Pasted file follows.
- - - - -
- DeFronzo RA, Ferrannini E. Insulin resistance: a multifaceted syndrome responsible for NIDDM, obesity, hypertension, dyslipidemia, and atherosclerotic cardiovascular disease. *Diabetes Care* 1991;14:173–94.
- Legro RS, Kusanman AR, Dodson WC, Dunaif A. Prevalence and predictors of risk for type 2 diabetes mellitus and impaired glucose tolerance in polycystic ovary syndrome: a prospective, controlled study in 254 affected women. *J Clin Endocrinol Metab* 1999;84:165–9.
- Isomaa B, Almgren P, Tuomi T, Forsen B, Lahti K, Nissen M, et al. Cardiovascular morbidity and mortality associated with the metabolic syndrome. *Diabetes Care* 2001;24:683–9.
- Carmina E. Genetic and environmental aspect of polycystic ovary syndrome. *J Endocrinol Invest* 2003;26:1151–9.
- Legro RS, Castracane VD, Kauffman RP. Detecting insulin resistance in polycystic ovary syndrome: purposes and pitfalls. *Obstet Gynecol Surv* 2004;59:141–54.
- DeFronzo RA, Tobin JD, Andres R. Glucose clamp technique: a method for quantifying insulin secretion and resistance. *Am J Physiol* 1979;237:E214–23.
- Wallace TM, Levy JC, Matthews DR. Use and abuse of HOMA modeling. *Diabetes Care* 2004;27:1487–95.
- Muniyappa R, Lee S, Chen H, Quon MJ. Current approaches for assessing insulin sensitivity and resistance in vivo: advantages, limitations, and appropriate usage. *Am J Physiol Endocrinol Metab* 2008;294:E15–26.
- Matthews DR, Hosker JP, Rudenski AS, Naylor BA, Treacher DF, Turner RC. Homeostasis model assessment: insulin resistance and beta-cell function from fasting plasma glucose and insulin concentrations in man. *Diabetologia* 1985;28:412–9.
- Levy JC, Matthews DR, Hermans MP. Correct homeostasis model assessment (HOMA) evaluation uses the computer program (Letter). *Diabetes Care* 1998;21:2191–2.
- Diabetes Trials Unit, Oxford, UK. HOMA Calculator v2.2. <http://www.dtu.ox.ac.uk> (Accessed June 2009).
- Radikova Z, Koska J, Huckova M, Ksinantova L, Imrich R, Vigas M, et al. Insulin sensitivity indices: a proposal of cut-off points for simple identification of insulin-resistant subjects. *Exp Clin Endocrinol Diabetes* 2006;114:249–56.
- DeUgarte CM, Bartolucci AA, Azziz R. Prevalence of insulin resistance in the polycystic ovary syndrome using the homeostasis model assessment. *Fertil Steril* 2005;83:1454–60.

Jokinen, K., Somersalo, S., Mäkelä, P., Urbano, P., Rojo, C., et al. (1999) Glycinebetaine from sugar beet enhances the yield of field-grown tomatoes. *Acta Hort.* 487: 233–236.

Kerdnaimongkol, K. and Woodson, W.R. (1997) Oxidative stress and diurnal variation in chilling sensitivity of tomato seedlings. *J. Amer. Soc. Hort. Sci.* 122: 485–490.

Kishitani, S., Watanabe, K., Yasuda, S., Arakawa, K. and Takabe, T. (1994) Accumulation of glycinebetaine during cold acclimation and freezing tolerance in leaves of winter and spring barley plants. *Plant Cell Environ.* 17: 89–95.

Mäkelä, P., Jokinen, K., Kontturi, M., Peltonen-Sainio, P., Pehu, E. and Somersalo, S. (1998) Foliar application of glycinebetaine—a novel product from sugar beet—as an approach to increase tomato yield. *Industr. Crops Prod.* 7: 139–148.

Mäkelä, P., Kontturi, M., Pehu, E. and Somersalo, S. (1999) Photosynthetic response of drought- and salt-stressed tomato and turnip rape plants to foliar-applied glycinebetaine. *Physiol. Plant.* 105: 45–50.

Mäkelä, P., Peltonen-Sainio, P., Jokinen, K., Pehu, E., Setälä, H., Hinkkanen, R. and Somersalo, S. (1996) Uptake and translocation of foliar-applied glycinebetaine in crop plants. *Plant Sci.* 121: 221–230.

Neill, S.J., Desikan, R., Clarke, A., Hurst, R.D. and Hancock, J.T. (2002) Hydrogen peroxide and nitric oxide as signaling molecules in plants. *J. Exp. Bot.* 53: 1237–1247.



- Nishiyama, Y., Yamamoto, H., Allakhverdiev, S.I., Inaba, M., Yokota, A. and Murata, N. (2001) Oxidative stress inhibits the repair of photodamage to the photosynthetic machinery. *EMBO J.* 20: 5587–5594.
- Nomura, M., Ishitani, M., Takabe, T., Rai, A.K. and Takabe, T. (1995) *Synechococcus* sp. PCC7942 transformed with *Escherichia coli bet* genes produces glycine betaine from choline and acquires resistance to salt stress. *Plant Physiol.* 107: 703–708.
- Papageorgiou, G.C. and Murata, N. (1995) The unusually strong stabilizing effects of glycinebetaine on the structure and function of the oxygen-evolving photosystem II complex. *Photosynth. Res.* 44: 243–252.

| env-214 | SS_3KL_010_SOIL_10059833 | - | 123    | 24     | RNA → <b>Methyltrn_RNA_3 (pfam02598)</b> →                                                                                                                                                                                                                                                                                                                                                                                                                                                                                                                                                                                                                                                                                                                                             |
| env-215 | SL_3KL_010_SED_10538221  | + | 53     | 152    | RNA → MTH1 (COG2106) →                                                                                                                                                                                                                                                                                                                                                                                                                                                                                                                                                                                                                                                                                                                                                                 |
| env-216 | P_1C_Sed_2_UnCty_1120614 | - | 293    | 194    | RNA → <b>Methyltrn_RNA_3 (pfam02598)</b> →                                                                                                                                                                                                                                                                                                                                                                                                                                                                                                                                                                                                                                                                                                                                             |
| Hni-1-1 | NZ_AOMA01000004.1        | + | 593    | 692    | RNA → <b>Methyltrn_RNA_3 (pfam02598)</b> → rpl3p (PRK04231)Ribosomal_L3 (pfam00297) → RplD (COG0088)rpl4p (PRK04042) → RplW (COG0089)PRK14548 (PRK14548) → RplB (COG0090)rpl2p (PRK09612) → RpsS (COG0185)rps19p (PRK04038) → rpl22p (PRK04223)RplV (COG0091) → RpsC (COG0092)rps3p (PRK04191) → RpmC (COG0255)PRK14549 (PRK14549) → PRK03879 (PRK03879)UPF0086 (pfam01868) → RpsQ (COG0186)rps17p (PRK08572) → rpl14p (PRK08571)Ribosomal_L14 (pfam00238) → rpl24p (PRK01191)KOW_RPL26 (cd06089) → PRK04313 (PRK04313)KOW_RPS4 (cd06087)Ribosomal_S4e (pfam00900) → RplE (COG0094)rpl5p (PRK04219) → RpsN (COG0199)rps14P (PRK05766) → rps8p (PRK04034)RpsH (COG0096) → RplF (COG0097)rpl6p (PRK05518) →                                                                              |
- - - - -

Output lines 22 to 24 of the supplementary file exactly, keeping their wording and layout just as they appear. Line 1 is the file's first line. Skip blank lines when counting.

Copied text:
- Nomura, M., Ishitani, M., Takabe, T., Rai, A.K. and Takabe, T. (1995) *Synechococcus* sp. PCC7942 transformed with *Escherichia coli bet* genes produces glycine betaine from choline and acquires resistance to salt stress. *Plant Physiol.* 107: 703–708.
- Papageorgiou, G.C. and Murata, N. (1995) The unusually strong stabilizing effects of glycinebetaine on the structure and function of the oxygen-evolving photosystem II complex. *Photosynth. Res.* 44: 243–252.

| env-214 | SS_3KL_010_SOIL_10059833 | - | 123    | 24     | RNA → <b>Methyltrn_RNA_3 (pfam02598)</b> →                                                                                                                                                                                                                                                                                                                                                                                                                                                                                                                                                                                                                                                                                                                                             |